Establish various stakeholders understanding and experiences of collaboration.

Explore the benefits of knowledge and learning constructed through the collaboration processes.

Allay anxieties, about such things as consensus decision-making as it often involves greater time, patience, trust and commitment. Research indicates that the knowledge constructed and learning gained is invariably more substanstantive than other forms of instructional learning.

Run workshops where collaboration is modelled so that the benefits of experiential learning can then be utilised by tutors in their role facilitating students in collaboration groups.

Utilise and share readings that support the principles of collaboration – see reference list below.


The aims of this inquiry are to establish if student engagement and participation is increased in a modified version of the Critical Inquiry Project Te Ao Hurihuri. This project will offer students options to work individually or in a small group collaboration.

This inquiry considers notions of a community of practice as a site of learning where people come together through shared practices, so involves not just the dispersal and sharing of knowledge and information but also the gathering of information, data, ideas and experiences from students and tutors in order to expose problems, allay anxieties, examine underlying assumptions, and to consider revisions or a reformulation of the overall project in an effort to enhance student enthusiasm and motivation.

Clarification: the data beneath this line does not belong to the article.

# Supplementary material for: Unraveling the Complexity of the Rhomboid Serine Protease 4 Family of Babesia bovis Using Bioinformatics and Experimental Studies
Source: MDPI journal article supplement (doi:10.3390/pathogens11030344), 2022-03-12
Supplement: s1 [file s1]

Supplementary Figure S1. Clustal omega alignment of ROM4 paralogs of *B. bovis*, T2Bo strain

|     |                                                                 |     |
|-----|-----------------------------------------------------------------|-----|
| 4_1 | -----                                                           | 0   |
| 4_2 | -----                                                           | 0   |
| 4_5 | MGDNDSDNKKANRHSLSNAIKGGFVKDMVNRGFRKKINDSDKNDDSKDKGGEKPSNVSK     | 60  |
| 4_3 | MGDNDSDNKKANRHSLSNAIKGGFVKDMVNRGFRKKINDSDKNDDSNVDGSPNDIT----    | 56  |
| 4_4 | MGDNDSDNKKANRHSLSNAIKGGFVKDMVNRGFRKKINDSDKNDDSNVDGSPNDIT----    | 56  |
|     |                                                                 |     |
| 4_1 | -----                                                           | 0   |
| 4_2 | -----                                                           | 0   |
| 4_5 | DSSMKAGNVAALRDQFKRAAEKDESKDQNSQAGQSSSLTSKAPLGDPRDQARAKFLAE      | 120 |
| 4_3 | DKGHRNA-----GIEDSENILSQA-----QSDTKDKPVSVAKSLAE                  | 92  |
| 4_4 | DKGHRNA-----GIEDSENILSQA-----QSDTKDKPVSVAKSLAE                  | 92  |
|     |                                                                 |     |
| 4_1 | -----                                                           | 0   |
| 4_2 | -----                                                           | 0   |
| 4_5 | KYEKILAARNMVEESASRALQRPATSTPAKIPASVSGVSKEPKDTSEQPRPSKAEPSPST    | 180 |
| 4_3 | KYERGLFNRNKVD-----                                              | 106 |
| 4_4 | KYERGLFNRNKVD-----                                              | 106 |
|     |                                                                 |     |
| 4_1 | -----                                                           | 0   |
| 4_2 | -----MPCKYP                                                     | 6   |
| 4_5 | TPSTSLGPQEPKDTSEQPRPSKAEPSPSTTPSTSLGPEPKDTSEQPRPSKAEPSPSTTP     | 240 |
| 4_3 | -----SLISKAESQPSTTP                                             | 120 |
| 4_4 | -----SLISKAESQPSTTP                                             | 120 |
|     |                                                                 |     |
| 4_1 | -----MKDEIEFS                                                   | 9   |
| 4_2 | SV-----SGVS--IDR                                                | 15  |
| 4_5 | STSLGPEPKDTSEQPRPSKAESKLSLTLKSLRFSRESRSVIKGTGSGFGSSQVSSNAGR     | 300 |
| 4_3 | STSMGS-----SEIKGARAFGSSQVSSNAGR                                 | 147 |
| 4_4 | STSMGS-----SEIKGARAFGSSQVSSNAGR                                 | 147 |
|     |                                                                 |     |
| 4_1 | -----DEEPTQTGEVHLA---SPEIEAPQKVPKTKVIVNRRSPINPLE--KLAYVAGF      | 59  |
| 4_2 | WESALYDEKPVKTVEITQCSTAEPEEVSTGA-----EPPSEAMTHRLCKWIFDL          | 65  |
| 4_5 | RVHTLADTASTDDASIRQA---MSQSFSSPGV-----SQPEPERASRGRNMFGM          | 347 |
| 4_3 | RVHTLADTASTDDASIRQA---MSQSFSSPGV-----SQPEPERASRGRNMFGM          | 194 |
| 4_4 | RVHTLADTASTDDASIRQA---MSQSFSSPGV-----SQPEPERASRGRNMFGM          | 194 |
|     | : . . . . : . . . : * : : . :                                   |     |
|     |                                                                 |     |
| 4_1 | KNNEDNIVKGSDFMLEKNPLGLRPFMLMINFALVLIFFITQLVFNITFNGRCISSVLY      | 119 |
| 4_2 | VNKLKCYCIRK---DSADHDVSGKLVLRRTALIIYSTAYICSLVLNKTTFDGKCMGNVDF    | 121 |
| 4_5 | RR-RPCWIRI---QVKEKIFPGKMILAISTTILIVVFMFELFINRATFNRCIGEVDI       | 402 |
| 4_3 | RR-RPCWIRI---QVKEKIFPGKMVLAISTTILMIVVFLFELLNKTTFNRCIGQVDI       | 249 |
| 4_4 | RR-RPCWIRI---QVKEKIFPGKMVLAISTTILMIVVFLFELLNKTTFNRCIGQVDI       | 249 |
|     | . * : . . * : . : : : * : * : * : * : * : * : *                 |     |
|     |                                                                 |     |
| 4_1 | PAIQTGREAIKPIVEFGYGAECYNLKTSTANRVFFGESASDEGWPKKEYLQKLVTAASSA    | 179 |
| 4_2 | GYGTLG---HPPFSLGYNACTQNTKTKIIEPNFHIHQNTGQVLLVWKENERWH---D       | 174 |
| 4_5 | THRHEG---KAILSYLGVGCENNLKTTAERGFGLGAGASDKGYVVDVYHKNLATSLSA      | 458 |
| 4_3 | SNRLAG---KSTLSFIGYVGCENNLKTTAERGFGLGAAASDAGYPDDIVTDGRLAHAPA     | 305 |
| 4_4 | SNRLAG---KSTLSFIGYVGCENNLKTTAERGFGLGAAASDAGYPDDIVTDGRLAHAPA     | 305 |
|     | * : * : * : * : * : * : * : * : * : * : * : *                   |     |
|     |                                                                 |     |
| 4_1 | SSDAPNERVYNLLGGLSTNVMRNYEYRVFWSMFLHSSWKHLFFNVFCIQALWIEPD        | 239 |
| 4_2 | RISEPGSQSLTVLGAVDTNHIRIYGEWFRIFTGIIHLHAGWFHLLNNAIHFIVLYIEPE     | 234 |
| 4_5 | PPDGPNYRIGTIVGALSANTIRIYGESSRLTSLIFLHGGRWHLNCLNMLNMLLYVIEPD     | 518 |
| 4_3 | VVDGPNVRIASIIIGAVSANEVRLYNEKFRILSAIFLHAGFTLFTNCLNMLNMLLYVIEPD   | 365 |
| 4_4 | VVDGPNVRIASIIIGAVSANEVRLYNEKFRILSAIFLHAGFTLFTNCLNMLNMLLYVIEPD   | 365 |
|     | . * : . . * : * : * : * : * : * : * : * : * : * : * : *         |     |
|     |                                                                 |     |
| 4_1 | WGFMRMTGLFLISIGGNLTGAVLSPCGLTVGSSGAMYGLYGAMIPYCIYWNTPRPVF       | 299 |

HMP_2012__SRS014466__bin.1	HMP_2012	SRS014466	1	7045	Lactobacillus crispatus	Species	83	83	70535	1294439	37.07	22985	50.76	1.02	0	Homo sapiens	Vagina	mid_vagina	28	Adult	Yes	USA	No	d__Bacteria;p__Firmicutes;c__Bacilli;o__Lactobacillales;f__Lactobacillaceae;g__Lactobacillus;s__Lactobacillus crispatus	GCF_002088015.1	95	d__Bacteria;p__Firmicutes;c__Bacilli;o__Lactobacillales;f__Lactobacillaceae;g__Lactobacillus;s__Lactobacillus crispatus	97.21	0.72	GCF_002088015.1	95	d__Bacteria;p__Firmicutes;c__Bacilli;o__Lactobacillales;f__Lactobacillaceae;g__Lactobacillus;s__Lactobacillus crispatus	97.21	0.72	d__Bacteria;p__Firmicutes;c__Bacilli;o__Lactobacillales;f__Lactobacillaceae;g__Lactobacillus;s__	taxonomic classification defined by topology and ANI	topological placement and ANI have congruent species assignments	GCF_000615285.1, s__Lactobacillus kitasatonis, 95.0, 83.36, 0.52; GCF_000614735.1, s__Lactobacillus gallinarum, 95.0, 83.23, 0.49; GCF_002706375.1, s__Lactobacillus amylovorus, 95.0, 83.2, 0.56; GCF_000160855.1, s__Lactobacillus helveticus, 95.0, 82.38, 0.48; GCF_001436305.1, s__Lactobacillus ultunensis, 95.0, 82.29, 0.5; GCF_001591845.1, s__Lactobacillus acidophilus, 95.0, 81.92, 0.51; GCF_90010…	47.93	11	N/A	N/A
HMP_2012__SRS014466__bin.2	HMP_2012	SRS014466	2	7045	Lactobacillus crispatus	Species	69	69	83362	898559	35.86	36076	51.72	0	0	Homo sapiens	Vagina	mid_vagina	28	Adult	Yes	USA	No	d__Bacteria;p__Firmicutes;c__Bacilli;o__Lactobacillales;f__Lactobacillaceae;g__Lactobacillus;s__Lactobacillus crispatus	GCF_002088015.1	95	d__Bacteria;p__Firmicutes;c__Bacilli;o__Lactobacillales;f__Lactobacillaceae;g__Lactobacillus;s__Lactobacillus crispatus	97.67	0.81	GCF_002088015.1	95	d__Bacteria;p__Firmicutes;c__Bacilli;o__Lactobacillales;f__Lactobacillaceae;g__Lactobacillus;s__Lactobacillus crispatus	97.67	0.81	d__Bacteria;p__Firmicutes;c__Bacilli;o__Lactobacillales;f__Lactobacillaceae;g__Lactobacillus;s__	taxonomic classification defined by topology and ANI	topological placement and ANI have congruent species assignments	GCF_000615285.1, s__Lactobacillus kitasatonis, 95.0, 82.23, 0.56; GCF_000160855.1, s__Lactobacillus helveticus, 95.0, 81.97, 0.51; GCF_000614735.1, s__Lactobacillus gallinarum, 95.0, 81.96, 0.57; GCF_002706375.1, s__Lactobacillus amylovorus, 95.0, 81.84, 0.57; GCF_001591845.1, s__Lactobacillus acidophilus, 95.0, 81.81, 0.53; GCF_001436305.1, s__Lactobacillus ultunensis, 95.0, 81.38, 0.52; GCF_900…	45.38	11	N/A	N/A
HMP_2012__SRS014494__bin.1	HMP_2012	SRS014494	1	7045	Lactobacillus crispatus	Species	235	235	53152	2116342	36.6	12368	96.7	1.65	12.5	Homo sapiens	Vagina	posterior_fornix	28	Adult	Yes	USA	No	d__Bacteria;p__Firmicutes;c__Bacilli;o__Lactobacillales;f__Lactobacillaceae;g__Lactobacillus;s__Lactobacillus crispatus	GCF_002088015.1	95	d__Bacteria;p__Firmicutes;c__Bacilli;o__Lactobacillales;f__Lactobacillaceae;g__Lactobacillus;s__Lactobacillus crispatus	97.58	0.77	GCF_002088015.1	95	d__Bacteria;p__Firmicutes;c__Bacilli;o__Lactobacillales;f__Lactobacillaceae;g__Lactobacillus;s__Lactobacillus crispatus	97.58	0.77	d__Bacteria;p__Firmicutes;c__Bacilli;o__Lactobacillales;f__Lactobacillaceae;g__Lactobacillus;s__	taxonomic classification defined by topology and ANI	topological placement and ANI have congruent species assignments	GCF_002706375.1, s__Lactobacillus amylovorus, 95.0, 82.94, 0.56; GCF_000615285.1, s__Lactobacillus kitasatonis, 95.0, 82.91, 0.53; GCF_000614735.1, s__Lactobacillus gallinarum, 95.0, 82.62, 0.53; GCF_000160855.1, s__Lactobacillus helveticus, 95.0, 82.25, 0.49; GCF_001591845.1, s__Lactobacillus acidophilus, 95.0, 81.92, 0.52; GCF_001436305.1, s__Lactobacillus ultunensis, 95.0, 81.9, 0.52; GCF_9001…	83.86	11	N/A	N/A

Methods for evidence gathering

This is set out considering established formal processes required by the institution as well as more informal approaches where facilitators can feedback throughout the time of the projects running. Some evidence will be gathered at different points towards the end of the project, and following grading, and moderation, and consultations and feedback just prior to the paper administration closing.

Evaluation Design

  • Design of feedback systems needs to be considered in terms of prompts, closed and open questions, reflections and formal surveys.
  • Weekly opportunities for tutorial staff to reflect with others on their facilitation skills, as well as how they are finding their collaboration groups responding to the project and process, and talking through with others how they might respond to issues that have arisen.
  • Who are the key stakeholders

Learners: Formal and Informal Evaluations, Feedback and Reflections

Student responses are invaluable and their feedback is a key indicator for evaluating the project in line with their experience and engagement.

Learners will be required to complete as part of the project group individual reflections of their learning including: